Approximately 10%-15% of the world’s population is estimated to be disabled and this number is expected to rise in the next decades. How did disability become a global concern and how can the concept be understood in a multicultural world?

This European Research Council-funded project seeks to answer these questions by undertaking the first study of the far-reaching implications of the International Year of Disabled Persons (IYDP), a landmark event organized by the United Nations in 1981, which appears to have gone virtually unrecognized in scholarship. Its hypothesis is that the International Year, together with its counterpart, the International Decade of Disabled Persons (1982-1993) was the most significant watershed in the modern history of disability, which placed this issue into a global context. By focussing on four closely-related themes, the project examines the interaction and tension between the universal and particularistic aspects of disability.

There will be four closely-related objectives:

  1. To examine the IYDP’s impact on human rights discourses and to scrutinize their applicability within global settings.
  2. To document the IYDP’s contribution to emancipation and social change and to consider the different trajectories of emancipation in various parts of the world.
  3. To assess the ways in which the IYDP influenced everyday life experiences, galvanized identity formation and inspired the emergence of a distinct subculture.
  4. To analyze the transnational exchanges and knowledge transfer in conjunction with the IYDP and to examine how the Western oriented discourses penetrating the developing world interacted with the local environment. The project’s innovative contribution and primary impact lies in connecting the IYDP to broader political, social and cultural processes in the last quarter of the twentieth century and thereby bringing disability in a global context to the attention of mainstream historical scholarship.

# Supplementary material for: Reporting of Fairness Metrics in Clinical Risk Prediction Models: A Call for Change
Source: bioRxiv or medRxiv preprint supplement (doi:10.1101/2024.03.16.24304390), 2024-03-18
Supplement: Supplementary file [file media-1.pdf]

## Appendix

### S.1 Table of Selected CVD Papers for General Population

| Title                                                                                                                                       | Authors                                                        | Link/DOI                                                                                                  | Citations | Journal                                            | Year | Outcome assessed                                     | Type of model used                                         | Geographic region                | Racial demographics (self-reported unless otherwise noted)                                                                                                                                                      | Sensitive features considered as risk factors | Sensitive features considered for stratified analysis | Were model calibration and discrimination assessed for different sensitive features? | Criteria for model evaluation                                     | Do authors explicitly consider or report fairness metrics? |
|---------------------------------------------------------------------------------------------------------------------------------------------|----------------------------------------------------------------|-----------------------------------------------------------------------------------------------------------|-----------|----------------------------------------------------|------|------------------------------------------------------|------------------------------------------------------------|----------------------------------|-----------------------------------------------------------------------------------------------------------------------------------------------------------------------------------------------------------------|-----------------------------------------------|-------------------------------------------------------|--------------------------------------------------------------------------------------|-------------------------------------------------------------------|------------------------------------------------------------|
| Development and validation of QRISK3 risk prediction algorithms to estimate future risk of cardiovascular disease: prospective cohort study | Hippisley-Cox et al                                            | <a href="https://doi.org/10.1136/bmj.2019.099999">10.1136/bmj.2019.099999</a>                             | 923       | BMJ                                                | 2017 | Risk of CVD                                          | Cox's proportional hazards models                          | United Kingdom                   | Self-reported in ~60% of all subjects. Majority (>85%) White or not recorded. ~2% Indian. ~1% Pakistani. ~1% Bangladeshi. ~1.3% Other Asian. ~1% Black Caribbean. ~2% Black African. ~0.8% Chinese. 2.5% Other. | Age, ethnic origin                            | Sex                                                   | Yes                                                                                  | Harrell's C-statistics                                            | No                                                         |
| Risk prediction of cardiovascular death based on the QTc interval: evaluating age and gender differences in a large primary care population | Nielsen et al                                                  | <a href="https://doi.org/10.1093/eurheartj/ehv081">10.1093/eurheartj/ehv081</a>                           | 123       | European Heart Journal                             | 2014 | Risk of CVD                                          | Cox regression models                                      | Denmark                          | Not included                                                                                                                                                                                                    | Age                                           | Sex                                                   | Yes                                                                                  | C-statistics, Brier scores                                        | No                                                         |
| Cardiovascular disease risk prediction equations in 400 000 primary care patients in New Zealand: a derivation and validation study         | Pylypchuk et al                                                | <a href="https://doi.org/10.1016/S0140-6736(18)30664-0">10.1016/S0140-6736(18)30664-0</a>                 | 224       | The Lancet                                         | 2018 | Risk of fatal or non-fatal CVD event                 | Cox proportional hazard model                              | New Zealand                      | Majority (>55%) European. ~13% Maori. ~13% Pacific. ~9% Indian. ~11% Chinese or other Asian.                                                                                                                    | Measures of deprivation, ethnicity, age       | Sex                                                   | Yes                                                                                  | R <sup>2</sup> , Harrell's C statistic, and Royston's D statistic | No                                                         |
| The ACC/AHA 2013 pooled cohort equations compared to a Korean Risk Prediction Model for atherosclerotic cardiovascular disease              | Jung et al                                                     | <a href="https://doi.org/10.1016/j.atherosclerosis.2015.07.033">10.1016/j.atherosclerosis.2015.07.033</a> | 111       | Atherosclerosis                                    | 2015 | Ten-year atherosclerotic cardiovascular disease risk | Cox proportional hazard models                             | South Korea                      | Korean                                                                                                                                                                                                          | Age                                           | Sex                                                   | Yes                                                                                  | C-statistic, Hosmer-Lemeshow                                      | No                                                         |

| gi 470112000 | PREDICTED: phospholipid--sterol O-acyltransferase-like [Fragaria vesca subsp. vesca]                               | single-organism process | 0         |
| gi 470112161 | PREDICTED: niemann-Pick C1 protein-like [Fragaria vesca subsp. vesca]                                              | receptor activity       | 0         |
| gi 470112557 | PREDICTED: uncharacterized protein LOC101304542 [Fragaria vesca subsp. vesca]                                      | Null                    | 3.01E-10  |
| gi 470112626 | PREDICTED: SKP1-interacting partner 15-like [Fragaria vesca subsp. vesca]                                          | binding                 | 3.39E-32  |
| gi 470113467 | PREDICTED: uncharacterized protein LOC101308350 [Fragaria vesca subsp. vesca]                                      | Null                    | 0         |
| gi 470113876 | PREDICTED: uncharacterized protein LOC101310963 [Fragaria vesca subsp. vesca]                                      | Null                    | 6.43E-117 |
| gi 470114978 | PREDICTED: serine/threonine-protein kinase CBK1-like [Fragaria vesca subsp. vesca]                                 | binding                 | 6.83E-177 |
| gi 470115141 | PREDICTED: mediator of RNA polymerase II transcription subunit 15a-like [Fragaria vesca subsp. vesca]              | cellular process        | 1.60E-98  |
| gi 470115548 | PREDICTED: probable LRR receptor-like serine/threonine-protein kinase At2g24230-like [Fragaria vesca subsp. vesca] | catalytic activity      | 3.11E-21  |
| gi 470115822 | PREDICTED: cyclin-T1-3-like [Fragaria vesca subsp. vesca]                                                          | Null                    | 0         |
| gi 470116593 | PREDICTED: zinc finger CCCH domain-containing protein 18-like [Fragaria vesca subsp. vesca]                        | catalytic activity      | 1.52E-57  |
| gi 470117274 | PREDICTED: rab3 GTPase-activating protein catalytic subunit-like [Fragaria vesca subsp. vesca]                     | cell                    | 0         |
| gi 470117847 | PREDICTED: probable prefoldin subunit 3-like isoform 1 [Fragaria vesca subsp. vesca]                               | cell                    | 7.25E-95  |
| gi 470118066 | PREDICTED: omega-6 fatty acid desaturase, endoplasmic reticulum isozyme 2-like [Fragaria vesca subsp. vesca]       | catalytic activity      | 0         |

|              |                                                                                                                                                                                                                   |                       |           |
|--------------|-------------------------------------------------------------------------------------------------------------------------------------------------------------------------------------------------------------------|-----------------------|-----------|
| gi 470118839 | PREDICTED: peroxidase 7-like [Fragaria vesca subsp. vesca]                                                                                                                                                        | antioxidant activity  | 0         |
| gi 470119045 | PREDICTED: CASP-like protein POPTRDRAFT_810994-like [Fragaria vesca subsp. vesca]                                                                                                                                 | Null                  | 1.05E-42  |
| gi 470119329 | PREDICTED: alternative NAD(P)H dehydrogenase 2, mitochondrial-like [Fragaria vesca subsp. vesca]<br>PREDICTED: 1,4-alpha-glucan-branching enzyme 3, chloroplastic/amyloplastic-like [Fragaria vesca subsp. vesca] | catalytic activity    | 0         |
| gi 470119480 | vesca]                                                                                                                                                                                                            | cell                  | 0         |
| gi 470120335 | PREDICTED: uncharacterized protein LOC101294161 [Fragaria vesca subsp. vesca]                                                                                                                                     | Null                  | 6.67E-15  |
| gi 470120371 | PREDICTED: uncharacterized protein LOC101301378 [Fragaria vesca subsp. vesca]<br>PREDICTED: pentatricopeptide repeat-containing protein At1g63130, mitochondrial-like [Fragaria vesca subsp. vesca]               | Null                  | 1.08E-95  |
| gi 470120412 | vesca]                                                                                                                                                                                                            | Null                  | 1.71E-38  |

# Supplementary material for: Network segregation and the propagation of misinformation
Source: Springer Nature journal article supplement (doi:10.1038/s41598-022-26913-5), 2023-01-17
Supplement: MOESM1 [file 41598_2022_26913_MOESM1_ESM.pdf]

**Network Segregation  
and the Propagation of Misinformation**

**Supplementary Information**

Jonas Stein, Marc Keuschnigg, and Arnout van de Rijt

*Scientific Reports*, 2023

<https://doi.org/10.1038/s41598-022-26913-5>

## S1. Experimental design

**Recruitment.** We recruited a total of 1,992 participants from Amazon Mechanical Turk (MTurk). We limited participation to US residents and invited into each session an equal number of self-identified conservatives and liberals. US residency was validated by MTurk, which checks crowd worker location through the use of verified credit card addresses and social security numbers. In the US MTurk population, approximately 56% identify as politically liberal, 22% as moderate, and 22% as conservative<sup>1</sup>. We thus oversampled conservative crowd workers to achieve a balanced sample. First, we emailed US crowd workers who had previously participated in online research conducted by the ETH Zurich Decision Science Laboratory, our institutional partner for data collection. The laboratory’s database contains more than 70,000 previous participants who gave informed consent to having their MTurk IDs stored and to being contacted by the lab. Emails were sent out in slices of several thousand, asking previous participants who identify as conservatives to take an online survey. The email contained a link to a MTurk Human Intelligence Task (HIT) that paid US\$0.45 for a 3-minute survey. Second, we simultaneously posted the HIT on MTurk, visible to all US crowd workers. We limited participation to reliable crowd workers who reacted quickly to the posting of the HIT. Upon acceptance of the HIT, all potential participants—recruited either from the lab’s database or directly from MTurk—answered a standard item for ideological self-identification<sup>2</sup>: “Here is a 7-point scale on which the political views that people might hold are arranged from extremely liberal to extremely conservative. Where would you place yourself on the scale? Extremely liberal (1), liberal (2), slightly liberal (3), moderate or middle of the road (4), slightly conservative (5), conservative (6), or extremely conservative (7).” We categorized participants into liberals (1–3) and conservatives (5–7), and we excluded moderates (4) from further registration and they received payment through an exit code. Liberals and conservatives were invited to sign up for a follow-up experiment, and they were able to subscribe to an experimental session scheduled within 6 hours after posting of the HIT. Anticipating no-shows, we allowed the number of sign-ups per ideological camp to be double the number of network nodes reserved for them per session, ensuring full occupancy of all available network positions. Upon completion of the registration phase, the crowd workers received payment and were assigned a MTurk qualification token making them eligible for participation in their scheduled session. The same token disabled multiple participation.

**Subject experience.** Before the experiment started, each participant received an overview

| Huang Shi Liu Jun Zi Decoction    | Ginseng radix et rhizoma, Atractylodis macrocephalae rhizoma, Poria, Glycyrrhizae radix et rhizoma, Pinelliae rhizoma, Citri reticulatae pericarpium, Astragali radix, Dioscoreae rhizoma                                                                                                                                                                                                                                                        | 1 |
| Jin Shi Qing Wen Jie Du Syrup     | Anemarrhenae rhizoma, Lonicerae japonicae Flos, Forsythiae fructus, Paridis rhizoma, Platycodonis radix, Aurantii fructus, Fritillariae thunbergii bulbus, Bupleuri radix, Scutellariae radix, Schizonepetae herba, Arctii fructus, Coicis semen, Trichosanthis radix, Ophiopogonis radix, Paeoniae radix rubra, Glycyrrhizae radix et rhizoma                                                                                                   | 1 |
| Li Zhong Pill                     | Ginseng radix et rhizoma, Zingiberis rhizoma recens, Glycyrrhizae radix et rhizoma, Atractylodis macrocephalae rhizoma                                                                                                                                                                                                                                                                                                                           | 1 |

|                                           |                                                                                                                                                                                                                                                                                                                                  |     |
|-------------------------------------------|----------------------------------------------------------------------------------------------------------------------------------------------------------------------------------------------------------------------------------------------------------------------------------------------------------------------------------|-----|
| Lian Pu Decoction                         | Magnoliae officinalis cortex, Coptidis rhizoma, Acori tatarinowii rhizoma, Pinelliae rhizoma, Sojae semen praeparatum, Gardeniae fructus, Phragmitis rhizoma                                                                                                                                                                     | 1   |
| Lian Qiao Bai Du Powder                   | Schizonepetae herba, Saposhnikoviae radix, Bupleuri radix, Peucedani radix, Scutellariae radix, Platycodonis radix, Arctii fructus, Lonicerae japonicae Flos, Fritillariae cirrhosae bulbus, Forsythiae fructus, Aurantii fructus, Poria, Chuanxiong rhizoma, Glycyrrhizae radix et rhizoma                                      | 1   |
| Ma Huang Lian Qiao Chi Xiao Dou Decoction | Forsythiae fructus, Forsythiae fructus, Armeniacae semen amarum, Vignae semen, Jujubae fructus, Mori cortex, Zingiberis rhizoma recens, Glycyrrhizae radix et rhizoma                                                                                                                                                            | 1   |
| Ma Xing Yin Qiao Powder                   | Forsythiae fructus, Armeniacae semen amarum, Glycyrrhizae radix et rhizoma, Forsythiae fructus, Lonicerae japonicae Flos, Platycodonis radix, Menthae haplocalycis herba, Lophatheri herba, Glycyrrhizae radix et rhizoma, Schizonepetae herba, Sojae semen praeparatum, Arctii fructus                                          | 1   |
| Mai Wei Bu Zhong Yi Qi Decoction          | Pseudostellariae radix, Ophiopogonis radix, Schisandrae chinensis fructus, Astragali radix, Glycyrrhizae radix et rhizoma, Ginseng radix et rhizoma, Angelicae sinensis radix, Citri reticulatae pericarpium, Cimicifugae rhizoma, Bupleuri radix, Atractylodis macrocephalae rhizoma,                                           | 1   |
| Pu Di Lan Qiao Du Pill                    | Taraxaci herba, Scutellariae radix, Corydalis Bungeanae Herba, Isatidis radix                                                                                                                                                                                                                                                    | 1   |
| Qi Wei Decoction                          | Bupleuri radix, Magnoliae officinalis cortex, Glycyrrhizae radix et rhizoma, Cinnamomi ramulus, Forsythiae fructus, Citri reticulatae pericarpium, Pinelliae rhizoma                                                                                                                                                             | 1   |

Full project description (pdf).

Research Team

Rethinking Disability: the Global Impact of the International Year of Disabled Persons (1981) in Historical Perspective is a five-year project funded by an ERC Consolidator Grant and led by Dr Monika Baar. The core research team comprises Paul van Trigt (postdoctoral researcher), Anna Derksen, Anaïs van Ertvelde and Sam de Schutter (PhD students). Read more about them and the project on the Leiden University website.

Anna Derksen – PhD candidate

My PhD thesis will examine the impact of the International Year for Disabled Persons (IYDP) in 1981 on the Nordic countries, with emphasis on their respective health policies and the integration of disability questions into humanitarian aid. How did governmental institutions, NGOs and grassroots movements promote the rights of disabled people? And to what extend have the Nordic welfare model and the region’s leading role in human rights politics influenced the countries’ contribution to shaping disability agendas – both at home and worldwide?

Anais van Ertvelde – PhD candidate

My PhD project intends to test the hypothesis that the IYDP or International Year of Disabled Persons (1981) and the subsequent IDDP or International Decade of Disabled Persons (1982-1993) brought forth a paradigm shift in the way government agencies on the international and national level, disability organisations and people with disabilities themselves conceive of and deal with disability. A shift that is intricately linked to broader social, economical and political evolutions in the last quarter of the 20th century such as increasing global interactions, the evolving cold war context and the advance of neoliberalism. In order to demonstrate this I will make use of an innovative cross-Iron Curtain analysis and focus on three local case studies and their global entanglements: Belgium, Poland, and the US. Countries whose ideologies and practices reflect different degrees of state provisions and state influence.

Sam de Schutter – PhD candidate

In the second half of the 20th century, disability became a ‘global’ concern with a universal definition, driven by the attention it received from international organizations (UN, WHO, ILO, Unesco, etc.). In my research, I will study how this translated into programs and interventions aimed at the so-called ‘developing countries’ and how this global flow of ideas, actions and experts impacted the way disability has been conceptualized and experienced locally. This will be done on the basis of two case studies: the two Congo’s, and more specifically their two capitals, Kinshasa and Brazzaville.

Rethinking Disability is connected to the following persons and organisations: